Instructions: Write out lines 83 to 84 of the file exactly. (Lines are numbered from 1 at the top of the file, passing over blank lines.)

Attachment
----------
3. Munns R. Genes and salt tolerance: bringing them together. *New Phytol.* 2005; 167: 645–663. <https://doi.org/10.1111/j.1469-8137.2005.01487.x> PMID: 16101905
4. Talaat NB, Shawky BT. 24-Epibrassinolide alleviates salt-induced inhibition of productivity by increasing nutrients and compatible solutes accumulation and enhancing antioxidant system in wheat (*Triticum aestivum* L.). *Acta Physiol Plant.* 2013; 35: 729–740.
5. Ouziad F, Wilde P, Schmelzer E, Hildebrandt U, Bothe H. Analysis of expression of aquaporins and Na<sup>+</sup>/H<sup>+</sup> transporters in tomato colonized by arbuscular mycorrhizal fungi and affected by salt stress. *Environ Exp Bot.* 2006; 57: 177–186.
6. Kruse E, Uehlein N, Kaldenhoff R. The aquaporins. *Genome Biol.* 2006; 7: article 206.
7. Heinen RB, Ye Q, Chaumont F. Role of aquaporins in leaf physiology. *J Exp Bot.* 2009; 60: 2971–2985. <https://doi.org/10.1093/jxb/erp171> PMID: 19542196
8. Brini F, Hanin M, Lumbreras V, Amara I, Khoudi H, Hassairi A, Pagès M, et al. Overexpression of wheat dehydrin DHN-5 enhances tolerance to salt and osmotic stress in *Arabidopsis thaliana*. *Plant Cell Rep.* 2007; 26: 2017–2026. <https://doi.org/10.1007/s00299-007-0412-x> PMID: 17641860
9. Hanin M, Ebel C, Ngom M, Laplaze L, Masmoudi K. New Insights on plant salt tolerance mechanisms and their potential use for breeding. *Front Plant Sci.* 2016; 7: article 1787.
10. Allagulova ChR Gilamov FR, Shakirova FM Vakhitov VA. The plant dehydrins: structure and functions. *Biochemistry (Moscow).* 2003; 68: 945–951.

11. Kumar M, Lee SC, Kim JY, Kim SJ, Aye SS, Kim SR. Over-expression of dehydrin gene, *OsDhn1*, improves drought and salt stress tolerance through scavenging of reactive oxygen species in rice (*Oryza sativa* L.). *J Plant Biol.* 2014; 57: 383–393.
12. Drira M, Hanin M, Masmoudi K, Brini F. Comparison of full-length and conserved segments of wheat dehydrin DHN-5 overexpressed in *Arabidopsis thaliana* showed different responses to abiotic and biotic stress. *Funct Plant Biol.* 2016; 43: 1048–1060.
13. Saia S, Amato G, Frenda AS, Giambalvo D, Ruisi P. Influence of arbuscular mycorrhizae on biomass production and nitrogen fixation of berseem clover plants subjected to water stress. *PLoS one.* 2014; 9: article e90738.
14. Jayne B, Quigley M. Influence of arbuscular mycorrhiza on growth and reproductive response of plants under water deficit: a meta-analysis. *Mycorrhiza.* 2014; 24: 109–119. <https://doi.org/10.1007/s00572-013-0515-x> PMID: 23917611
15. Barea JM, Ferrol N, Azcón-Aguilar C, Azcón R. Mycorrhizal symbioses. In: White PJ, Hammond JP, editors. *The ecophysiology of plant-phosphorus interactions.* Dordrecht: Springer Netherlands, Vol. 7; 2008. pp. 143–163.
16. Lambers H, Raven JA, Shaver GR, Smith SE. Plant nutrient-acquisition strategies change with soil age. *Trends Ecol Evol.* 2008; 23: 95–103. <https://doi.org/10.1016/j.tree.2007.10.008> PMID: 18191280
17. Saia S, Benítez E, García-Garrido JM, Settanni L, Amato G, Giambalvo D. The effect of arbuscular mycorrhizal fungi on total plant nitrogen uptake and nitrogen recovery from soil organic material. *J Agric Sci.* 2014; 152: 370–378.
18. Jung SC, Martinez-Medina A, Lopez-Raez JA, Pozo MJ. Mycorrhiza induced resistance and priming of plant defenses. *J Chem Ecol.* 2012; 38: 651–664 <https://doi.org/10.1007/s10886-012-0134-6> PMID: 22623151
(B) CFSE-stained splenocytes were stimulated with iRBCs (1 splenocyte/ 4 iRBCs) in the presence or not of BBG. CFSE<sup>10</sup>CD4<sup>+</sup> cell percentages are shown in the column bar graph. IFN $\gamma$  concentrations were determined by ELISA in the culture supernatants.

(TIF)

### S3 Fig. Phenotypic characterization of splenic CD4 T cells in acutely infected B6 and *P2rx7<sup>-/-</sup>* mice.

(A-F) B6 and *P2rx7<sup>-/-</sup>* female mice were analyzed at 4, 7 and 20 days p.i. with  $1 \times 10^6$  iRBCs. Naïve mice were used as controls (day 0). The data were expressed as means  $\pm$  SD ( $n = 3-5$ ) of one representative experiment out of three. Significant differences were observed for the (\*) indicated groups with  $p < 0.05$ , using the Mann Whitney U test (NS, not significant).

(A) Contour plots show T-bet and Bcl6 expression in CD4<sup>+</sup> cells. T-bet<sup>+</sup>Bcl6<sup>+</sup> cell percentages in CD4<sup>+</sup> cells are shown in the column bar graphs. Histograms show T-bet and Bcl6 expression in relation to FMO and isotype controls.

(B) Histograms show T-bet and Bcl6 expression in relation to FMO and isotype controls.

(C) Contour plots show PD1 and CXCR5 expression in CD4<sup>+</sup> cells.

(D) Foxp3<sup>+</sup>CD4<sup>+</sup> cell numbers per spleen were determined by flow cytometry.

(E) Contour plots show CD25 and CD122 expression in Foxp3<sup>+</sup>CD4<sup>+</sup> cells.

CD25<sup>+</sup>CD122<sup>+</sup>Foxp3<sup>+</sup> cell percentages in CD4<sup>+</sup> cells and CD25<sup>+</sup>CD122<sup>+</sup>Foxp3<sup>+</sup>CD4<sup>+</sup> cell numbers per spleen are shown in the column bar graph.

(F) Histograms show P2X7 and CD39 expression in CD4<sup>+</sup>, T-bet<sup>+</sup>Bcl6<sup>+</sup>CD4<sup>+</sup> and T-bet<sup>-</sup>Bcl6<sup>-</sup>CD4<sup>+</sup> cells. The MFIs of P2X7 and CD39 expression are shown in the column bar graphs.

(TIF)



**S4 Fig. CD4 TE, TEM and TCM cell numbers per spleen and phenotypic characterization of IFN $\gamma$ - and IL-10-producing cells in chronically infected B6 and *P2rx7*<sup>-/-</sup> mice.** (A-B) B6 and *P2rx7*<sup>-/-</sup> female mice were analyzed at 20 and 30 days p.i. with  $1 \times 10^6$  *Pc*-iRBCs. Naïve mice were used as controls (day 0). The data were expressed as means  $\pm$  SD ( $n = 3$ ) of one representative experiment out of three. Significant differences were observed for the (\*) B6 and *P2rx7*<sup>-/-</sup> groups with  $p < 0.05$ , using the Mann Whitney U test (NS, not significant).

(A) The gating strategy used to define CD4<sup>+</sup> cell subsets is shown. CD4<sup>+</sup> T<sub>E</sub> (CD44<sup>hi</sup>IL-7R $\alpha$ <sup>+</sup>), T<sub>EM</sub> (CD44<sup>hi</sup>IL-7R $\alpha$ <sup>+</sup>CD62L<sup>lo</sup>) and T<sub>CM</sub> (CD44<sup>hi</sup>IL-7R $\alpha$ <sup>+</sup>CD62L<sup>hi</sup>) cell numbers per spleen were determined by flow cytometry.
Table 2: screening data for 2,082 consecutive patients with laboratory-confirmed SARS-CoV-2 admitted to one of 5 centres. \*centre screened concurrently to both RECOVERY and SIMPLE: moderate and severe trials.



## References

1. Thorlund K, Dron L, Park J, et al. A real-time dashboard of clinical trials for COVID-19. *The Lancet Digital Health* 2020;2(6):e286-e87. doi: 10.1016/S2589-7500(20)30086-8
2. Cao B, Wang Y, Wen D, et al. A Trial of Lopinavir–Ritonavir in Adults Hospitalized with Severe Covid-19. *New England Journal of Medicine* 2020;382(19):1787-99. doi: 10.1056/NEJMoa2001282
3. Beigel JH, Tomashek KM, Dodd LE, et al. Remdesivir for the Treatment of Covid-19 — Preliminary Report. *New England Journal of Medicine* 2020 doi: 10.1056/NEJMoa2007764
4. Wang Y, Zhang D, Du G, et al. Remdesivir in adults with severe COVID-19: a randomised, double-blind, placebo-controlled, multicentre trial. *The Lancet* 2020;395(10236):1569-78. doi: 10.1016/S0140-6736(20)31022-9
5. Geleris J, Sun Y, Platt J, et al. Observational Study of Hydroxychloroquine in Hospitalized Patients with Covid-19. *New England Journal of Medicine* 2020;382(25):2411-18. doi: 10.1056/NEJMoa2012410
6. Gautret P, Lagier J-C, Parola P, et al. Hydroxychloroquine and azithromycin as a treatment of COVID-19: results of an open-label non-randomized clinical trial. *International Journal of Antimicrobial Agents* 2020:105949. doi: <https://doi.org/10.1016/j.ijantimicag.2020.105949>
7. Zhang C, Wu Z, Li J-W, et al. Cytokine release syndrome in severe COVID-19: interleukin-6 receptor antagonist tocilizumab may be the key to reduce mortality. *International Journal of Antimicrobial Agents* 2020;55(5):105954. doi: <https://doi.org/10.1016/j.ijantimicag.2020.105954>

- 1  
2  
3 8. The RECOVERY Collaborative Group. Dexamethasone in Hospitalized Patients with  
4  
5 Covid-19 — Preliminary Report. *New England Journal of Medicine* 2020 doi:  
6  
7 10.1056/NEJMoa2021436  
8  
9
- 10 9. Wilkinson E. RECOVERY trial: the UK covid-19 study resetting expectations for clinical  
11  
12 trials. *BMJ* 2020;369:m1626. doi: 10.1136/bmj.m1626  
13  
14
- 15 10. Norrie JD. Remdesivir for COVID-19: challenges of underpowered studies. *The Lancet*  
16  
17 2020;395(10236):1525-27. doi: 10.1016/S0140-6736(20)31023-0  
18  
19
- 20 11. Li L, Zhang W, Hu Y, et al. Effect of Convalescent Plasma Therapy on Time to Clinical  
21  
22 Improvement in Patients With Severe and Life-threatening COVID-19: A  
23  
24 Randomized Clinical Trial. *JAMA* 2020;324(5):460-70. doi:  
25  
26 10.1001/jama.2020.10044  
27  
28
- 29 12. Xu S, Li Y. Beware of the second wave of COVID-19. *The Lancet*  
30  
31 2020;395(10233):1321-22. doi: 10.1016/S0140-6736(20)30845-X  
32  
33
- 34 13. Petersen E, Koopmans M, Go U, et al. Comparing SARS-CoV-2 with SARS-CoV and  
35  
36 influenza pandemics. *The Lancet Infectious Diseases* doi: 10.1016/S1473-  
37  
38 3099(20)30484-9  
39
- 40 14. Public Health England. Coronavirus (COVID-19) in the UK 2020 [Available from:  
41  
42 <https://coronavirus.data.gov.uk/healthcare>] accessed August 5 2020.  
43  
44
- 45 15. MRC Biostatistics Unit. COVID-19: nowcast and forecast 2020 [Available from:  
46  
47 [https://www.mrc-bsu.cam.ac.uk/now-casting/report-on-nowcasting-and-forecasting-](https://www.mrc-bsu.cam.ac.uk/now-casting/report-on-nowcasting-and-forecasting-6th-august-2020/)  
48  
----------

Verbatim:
44
- 45 15. MRC Biostatistics Unit. COVID-19: nowcast and forecast 2020 [Available from:  